fled, leaving behind about 30 head of cattle and a number of conscripts. I immediately posted a number of men, in the town, and marched the remainder of my company on a hill back of the town, where I was met by a number of citizens and refugees from mountains, who, by their actions, considered us deliverers, and many of the families wept for joy. Many had been driven from their homes, and dare not return, on the pain of death. I told them I would give them, all the protection in my power, but dare not inform them of my strength, for fear that other than loyal ears might find i out.
About 4 p. m. I was informed that a large of cavalry intended to attack us that night. I waited until dark, and suddenly drew in my pickets, and formed my men along a stone fence, where I could command the road on which I expected the enemy to approach. After waiting some time, I sent a sergeant and 3 men on the mountain, to build about went camp-fires. I waited until about 10.30 p. m., and formed my company in open order with bayonets fixed, and marched through the town, in quick time, and a mile beyond, and took possession of a barn, and rested until nearly daylight, when, by a circuitous route, I marched back to the hill I had occupied the night before, where I was shortly informed that 2,000 Yankees had passed through the town the night before, and a regiment had occupied the hill during the night. (What caused them to thank to him there were cavalry I do not know, unless it was old Quarker's horse, that was attracted by the fire.) And such a force the rebels dare not attack.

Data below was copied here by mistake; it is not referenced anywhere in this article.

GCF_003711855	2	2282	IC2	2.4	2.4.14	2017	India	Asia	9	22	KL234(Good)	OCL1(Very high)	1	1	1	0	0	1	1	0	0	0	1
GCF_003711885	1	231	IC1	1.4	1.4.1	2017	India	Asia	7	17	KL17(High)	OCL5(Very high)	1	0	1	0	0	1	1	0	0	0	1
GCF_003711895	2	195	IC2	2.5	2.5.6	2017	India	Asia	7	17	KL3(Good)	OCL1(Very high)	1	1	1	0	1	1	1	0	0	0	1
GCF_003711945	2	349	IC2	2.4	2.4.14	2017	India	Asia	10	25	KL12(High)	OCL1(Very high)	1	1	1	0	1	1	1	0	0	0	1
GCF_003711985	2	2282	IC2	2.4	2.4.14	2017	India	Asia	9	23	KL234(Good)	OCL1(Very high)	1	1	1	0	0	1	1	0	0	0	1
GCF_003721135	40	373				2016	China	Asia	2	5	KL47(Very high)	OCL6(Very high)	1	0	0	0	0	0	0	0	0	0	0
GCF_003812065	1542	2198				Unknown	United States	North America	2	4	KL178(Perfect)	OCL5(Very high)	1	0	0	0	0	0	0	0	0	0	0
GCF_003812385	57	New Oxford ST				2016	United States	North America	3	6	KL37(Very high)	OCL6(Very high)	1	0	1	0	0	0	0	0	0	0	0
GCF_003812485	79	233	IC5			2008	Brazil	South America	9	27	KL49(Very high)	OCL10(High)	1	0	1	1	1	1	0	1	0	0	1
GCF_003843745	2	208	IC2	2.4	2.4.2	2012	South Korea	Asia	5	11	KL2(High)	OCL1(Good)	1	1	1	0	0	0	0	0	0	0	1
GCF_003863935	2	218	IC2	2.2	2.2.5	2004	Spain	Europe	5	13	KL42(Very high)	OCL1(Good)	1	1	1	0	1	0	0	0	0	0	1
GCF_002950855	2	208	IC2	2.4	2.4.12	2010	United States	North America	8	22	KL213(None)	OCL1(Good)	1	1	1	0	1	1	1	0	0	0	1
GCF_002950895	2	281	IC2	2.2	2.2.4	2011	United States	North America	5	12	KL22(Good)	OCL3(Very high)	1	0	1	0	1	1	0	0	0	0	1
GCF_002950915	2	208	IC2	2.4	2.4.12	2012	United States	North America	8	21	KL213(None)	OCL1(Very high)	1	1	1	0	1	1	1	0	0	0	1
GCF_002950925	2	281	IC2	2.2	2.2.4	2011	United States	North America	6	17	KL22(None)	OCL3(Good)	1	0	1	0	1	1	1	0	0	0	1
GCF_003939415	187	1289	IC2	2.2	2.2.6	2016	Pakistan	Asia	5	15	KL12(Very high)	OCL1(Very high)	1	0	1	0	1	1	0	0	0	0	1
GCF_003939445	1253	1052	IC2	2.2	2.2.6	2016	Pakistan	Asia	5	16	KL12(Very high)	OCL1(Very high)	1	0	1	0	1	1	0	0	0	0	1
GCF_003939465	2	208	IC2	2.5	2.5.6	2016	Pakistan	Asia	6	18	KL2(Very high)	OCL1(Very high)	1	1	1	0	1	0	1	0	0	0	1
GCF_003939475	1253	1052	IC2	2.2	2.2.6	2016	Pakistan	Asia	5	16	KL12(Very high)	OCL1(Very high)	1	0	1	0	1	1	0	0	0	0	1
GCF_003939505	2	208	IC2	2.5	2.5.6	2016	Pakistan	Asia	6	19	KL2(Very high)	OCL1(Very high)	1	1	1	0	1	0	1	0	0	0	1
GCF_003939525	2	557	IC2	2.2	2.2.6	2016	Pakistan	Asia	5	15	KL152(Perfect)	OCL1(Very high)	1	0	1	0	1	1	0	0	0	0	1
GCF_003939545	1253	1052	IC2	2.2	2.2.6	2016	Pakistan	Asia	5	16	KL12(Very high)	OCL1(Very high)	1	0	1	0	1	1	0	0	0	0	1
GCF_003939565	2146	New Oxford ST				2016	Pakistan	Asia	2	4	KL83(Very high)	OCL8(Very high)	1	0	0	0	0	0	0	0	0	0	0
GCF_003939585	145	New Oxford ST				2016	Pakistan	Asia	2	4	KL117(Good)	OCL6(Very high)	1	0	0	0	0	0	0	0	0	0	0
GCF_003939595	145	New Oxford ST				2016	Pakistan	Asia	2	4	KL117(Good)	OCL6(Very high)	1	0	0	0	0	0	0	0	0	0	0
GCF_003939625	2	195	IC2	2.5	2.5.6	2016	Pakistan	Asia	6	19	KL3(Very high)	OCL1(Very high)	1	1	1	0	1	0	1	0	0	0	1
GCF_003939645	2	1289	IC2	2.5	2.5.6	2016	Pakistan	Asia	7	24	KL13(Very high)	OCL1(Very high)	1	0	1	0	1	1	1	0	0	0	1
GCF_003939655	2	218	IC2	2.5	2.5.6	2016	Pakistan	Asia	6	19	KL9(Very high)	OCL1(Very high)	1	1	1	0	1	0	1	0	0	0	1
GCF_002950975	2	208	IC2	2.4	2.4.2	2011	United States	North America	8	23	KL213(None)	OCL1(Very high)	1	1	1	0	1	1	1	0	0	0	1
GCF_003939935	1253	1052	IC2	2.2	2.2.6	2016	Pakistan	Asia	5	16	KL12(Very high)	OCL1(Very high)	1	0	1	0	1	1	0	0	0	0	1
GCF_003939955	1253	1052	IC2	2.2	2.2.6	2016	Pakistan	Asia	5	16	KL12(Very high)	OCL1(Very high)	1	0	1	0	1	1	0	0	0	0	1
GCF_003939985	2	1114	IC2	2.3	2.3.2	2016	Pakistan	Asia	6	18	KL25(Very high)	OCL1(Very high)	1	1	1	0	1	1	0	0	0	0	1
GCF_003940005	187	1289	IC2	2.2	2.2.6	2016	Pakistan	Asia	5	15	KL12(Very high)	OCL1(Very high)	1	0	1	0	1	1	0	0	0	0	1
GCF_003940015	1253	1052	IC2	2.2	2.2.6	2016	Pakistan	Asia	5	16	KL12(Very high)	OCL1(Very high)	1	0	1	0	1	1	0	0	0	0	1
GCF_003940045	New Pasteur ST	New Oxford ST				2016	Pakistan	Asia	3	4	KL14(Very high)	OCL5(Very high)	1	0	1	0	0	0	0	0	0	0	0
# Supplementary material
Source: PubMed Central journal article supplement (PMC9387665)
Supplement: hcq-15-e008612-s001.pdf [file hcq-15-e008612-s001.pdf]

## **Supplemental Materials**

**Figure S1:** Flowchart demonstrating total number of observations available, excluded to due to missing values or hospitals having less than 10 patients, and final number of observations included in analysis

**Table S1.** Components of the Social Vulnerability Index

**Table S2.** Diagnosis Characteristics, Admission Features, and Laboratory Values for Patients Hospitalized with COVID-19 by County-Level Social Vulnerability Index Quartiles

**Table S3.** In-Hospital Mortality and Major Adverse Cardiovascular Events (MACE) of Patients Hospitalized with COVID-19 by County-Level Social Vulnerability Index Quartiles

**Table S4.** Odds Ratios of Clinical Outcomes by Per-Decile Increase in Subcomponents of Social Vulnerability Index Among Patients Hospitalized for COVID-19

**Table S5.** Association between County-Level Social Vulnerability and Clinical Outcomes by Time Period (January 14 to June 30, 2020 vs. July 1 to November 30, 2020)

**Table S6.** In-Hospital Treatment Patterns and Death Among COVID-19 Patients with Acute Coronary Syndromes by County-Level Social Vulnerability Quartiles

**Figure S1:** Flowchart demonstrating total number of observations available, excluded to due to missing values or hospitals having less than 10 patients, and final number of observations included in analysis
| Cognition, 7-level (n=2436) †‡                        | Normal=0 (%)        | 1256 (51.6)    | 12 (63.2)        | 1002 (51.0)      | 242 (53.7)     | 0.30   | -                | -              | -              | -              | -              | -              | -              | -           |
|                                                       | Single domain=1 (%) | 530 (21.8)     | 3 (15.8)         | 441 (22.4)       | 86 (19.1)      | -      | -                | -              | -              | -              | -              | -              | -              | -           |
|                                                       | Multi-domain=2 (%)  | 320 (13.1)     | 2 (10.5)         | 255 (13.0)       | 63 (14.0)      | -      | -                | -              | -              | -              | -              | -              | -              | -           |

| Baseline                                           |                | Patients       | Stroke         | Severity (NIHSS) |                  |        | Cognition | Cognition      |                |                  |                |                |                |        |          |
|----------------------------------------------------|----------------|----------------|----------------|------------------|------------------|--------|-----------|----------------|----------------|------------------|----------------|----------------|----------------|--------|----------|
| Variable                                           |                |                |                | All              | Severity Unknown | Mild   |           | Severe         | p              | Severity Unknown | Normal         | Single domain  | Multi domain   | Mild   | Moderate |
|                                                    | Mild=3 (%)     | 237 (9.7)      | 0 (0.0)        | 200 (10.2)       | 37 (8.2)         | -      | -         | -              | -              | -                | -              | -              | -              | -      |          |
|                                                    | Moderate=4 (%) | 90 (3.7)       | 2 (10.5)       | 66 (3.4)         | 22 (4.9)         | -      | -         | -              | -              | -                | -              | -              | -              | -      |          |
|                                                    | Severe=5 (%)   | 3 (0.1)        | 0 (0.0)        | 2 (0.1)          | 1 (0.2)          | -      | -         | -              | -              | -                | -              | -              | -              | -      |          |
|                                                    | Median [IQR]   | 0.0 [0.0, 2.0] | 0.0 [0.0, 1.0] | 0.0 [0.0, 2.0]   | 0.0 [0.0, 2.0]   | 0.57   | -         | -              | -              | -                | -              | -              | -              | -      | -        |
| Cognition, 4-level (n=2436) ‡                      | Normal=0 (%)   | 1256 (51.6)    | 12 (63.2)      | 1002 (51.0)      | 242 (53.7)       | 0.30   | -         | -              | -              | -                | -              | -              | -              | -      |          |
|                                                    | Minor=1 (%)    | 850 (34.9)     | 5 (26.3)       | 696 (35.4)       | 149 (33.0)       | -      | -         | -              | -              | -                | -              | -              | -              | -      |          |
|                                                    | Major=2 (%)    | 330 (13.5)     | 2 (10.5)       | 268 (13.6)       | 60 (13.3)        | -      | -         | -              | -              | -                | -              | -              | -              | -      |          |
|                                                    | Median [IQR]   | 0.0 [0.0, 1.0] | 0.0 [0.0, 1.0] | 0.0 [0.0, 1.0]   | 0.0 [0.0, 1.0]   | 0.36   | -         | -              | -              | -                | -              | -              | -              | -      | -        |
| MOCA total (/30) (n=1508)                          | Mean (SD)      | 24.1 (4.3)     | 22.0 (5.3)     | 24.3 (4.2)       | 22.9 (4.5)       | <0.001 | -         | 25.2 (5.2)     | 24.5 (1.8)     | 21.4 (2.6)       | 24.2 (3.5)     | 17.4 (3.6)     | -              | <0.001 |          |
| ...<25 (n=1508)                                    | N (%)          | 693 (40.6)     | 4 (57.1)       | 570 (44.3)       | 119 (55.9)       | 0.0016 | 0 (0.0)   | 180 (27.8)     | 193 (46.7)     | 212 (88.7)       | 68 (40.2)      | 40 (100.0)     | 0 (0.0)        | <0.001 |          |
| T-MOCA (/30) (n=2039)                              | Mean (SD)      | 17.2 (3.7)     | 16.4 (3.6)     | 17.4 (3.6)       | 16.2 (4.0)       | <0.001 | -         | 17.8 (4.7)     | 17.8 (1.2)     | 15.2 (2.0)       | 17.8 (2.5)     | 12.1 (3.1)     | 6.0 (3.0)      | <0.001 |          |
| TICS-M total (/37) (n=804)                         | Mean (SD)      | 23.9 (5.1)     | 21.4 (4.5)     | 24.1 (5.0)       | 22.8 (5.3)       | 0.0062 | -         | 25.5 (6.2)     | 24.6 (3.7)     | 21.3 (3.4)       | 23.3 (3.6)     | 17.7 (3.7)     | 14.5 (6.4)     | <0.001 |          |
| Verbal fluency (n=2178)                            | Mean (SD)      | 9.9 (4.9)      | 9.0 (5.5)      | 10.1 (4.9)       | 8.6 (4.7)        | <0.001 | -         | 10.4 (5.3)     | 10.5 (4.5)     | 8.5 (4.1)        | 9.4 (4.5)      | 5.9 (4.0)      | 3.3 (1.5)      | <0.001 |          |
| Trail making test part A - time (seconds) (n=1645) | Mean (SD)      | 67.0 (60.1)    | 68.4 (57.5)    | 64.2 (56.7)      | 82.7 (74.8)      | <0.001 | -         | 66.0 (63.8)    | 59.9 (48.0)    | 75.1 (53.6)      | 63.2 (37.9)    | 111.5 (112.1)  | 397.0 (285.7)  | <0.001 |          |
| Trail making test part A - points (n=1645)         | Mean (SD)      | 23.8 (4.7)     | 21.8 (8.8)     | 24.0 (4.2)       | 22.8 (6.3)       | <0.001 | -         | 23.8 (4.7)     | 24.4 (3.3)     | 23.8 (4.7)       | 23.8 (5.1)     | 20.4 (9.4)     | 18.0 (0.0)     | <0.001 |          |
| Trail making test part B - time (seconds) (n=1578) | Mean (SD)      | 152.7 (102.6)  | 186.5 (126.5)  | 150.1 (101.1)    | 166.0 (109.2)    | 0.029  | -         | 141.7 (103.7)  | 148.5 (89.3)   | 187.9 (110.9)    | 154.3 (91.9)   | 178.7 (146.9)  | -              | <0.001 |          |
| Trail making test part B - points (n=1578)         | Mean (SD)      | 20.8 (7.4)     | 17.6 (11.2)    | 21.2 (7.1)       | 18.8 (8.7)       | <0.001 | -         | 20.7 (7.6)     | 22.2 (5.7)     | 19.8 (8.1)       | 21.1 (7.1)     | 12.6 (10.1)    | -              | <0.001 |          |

I was informed of the whereabouts of 65 rebel cavalry, and would have attacked them had informed into camp, leaving a large number of inhabitants unprotected, and two fertile valleys open to the enemy's foraging parties.
shortly before I started for camp, a squad of rebels rode up near to our pickets who fired on them. They wheeled and ran, but were not quick enough to escape a bullet from one for the pickets' guns, which took effect in a rebel's leg.
I learned that at Purcellville the rebels were organizing a company of cavalry; also, a force of 60 were at Woodville and at Snickersville there is a force of 200 men, with two pieces of artillery.
Sir, it is a place that ought to be held which could be done by a force of 250 men. Cavalry would be preferable; but, if they could not be obtained, infantry would do.
Lieutenant, Commanding Company K, Seventy-eighth New York Vols.
Commanding Third Brigade, Second Division Twelfth Army Corps.
OCTOBER 8, 1862.- Reconnaissance from Conrad's Ferry to Leesburg, Va.
Report of Colonel J. H. Hobart Ward.
HEADQUARTERS SECOND BRIGADE, FIRST DIVISION.
Near Conrad's Ferry, Va., October 9, 1862.
LIEUTENANT: I have the honor to report that no guides reported to me to direct the command sent over the river last night; that company of cavalry and 100 infantry, under the command of Lieutenant-Colonel Lakeman, of the Third Maine, went to Leesburg, and have re